There's a poem by Andrew Marvell, "To His Coy Mistress," that begins, "Had we but world enough and time [ . . . ]" It's a great phrase. For the speaker and his eponymous lover, the phrase is his desire for more time for them to flirt and fall in love. For us, though, the possibilities are endless. What would we do "had we but world enough and time"?
Would we travel the world? Buy a mansion? Spend a thousand years learning to compose symphonies? Master sculpture? Finally catch Bigfoot? Cure cancer? Tell that special someone we love them? Eat an entire chocolate cake? Spend a decade installing water purification systems in Central America? Climb Everest? Translate the Bible into a currently unknown language? Build a church? Rob Fort Knox? Possibilities abound -- both good and evil.
We will never, in this life, possess world enough and time. This is why Psalm 90, the psalm of Moses, asks God, "Teach us to number our days" (v. 12a). "God," he says, "show me what to do in order to have a meaningful life that is pleasing to You." This is a far cry from society's carpe diem. It's not an attitude of selfishness or greed or hedonism. It's a simple prayer for a purposeful and holy life given the reality "Our days may come to seventy years, or eighty, if our strength endures" (v. 10a).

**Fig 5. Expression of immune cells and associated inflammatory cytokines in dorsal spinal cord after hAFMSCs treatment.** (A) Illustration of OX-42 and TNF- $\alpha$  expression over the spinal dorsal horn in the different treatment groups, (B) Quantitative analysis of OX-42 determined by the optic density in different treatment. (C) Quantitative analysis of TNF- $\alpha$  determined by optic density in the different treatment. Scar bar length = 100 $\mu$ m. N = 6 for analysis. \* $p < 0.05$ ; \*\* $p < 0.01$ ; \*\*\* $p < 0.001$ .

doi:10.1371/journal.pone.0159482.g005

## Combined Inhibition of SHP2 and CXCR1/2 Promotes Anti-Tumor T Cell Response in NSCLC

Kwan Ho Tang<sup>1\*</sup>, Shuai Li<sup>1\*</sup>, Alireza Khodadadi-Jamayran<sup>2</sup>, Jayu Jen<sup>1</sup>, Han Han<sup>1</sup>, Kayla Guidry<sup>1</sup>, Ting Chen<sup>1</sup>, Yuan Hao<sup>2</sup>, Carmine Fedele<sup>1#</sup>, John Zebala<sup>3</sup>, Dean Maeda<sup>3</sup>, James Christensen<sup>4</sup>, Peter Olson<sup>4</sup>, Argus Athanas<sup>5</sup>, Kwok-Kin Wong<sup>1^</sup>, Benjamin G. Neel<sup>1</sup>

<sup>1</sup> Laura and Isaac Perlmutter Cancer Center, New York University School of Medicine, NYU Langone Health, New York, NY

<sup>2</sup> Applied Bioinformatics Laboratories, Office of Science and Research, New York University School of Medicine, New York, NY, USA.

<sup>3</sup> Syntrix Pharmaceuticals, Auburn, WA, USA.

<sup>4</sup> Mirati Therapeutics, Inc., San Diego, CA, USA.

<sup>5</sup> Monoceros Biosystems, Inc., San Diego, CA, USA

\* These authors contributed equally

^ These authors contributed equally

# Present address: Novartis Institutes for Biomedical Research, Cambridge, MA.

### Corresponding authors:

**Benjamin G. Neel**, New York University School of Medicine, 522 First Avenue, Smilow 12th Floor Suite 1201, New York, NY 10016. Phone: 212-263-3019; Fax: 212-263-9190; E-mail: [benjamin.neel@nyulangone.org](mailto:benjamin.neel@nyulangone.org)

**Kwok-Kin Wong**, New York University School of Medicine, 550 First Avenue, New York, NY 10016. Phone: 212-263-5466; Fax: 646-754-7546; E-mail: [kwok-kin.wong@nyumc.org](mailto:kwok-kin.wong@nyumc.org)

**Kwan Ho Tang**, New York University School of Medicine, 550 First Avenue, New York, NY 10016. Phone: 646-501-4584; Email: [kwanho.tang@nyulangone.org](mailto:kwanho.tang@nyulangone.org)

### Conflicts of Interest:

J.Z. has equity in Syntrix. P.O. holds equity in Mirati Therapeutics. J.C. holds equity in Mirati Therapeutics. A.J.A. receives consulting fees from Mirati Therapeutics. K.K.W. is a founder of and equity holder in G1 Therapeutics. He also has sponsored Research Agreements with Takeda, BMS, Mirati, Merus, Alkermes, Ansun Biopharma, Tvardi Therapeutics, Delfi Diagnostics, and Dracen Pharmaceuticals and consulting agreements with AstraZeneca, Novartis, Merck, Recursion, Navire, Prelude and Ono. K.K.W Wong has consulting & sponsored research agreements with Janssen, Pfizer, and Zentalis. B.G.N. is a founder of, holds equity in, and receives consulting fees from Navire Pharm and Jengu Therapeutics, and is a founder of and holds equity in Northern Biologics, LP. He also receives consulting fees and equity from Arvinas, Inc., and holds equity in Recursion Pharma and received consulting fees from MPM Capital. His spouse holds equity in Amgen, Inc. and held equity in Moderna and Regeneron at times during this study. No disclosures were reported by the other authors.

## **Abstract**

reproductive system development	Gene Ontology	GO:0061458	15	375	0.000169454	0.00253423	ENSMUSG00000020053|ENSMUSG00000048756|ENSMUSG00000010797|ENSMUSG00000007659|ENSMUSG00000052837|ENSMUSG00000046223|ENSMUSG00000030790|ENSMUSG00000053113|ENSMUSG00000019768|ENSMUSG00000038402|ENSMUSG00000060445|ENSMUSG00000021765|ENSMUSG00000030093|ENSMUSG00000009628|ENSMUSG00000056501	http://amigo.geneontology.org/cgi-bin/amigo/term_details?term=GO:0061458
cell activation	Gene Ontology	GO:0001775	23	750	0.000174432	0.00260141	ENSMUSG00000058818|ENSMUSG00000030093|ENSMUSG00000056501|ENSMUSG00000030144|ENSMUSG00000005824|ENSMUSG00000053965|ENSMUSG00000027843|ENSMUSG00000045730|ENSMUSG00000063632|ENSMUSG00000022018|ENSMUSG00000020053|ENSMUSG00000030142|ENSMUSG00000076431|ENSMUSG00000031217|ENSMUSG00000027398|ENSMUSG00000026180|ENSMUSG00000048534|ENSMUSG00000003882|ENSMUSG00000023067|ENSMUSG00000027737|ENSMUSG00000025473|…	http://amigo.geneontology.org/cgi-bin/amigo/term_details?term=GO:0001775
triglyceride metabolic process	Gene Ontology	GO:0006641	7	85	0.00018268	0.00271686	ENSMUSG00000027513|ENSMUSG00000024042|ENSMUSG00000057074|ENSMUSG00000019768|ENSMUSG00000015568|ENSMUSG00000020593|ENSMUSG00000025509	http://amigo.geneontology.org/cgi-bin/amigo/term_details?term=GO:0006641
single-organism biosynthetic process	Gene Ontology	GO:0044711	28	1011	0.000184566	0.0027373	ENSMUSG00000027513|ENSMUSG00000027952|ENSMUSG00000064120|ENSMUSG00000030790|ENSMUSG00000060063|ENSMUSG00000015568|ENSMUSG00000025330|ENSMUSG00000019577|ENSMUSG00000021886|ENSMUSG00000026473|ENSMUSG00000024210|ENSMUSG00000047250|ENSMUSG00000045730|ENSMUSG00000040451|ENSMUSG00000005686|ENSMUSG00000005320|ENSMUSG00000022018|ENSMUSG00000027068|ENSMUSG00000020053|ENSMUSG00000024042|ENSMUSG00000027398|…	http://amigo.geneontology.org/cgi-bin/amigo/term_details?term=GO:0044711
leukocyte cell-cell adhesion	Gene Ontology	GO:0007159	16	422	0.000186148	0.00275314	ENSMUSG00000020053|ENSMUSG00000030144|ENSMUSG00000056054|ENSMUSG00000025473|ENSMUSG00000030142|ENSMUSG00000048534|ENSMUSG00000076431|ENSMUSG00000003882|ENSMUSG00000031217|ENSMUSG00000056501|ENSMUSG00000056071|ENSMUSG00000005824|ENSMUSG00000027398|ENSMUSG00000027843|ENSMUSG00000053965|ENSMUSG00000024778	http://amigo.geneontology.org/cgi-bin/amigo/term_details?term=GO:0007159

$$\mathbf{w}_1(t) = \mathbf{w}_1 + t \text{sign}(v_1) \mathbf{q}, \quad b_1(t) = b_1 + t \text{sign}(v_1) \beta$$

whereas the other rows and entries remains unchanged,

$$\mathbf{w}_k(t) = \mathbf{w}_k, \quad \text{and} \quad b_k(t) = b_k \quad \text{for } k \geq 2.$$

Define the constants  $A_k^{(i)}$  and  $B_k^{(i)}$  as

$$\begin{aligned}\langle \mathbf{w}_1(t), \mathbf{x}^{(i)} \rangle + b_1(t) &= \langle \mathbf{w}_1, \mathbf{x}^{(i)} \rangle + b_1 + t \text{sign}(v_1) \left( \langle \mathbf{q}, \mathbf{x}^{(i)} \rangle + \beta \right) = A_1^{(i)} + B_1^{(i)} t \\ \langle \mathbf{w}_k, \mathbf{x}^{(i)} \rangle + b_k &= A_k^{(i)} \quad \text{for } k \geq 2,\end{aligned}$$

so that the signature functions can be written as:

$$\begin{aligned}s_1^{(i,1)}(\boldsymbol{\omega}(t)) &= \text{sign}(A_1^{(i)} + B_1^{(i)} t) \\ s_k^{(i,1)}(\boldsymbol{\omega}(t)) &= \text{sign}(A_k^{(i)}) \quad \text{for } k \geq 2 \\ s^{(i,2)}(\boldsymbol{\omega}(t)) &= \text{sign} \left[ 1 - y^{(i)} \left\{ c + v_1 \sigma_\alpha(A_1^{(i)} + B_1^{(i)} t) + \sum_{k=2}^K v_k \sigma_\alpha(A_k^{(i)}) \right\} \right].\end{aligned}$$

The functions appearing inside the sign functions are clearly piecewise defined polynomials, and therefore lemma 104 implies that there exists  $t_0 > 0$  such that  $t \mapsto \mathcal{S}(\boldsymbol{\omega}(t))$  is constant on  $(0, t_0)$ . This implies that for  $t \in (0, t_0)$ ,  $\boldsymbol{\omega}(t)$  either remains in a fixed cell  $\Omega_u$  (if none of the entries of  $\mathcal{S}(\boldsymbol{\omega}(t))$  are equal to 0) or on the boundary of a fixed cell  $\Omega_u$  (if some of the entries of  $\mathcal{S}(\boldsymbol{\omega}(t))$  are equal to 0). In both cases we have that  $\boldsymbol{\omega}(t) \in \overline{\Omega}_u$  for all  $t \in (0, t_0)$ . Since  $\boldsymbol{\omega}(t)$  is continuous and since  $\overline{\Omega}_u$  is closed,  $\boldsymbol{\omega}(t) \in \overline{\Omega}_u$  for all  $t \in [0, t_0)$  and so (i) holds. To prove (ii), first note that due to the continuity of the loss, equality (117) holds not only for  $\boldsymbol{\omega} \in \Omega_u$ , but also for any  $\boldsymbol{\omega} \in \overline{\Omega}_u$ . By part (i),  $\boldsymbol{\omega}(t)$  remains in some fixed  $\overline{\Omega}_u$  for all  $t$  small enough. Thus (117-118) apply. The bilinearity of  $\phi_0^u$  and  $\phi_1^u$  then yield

Life is short. We'll never have everything, and we'll never rule the world (even if you wanted to). Since that's just reality, it's up to us to discern how to number our days as God would have us do so. I guess we really do have "world enough and time": as much time and world as we need to accomplish God's purposes for us before He calls us home.